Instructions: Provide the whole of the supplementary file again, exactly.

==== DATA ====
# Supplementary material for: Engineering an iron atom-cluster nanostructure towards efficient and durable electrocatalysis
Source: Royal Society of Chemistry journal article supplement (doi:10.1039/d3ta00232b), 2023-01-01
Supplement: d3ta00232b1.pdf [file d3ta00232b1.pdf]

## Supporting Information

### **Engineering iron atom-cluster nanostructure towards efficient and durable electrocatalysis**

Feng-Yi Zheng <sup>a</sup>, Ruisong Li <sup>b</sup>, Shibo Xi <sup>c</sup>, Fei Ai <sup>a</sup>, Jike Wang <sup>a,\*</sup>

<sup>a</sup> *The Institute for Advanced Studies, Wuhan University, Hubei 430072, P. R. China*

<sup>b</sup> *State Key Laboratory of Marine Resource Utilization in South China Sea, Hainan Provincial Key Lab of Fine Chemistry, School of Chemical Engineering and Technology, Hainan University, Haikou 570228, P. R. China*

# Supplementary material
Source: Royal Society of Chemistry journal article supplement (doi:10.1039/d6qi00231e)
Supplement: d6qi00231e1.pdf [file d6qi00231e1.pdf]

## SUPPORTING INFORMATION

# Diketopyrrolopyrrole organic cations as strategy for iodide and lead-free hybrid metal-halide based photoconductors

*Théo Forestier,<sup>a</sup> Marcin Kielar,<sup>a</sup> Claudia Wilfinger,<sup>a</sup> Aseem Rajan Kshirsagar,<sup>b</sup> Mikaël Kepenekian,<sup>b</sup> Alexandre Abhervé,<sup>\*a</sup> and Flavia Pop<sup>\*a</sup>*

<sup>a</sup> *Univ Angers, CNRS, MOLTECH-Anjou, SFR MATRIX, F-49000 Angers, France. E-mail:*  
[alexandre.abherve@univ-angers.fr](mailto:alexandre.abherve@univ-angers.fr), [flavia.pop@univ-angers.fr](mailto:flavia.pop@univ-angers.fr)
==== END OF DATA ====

# Supplementary material for: Engineering an iron atom-cluster nanostructure towards efficient and durable electrocatalysis
Source: Royal Society of Chemistry journal article supplement (doi:10.1039/d3ta00232b), 2023-01-01
Supplement: d3ta00232b1.pdf [file d3ta00232b1.pdf]

## Supporting Information

### **Engineering iron atom-cluster nanostructure towards efficient and durable electrocatalysis**

Feng-Yi Zheng <sup>a</sup>, Ruisong Li <sup>b</sup>, Shibo Xi <sup>c</sup>, Fei Ai <sup>a</sup>, Jike Wang <sup>a,\*</sup>

<sup>a</sup> *The Institute for Advanced Studies, Wuhan University, Hubei 430072, P. R. China*

<sup>b</sup> *State Key Laboratory of Marine Resource Utilization in South China Sea, Hainan Provincial Key Lab of Fine Chemistry, School of Chemical Engineering and Technology, Hainan University, Haikou 570228, P. R. China*

# Supplementary material
Source: Royal Society of Chemistry journal article supplement (doi:10.1039/d6qi00231e)
Supplement: d6qi00231e1.pdf [file d6qi00231e1.pdf]

## SUPPORTING INFORMATION

# Diketopyrrolopyrrole organic cations as strategy for iodide and lead-free hybrid metal-halide based photoconductors

*Théo Forestier,<sup>a</sup> Marcin Kielar,<sup>a</sup> Claudia Wilfinger,<sup>a</sup> Aseem Rajan Kshirsagar,<sup>b</sup> Mikaël Kepenekian,<sup>b</sup> Alexandre Abhervé,<sup>\*a</sup> and Flavia Pop<sup>\*a</sup>*

<sup>a</sup> *Univ Angers, CNRS, MOLTECH-Anjou, SFR MATRIX, F-49000 Angers, France. E-mail:*  
[alexandre.abherve@univ-angers.fr](mailto:alexandre.abherve@univ-angers.fr), [flavia.pop@univ-angers.fr](mailto:flavia.pop@univ-angers.fr)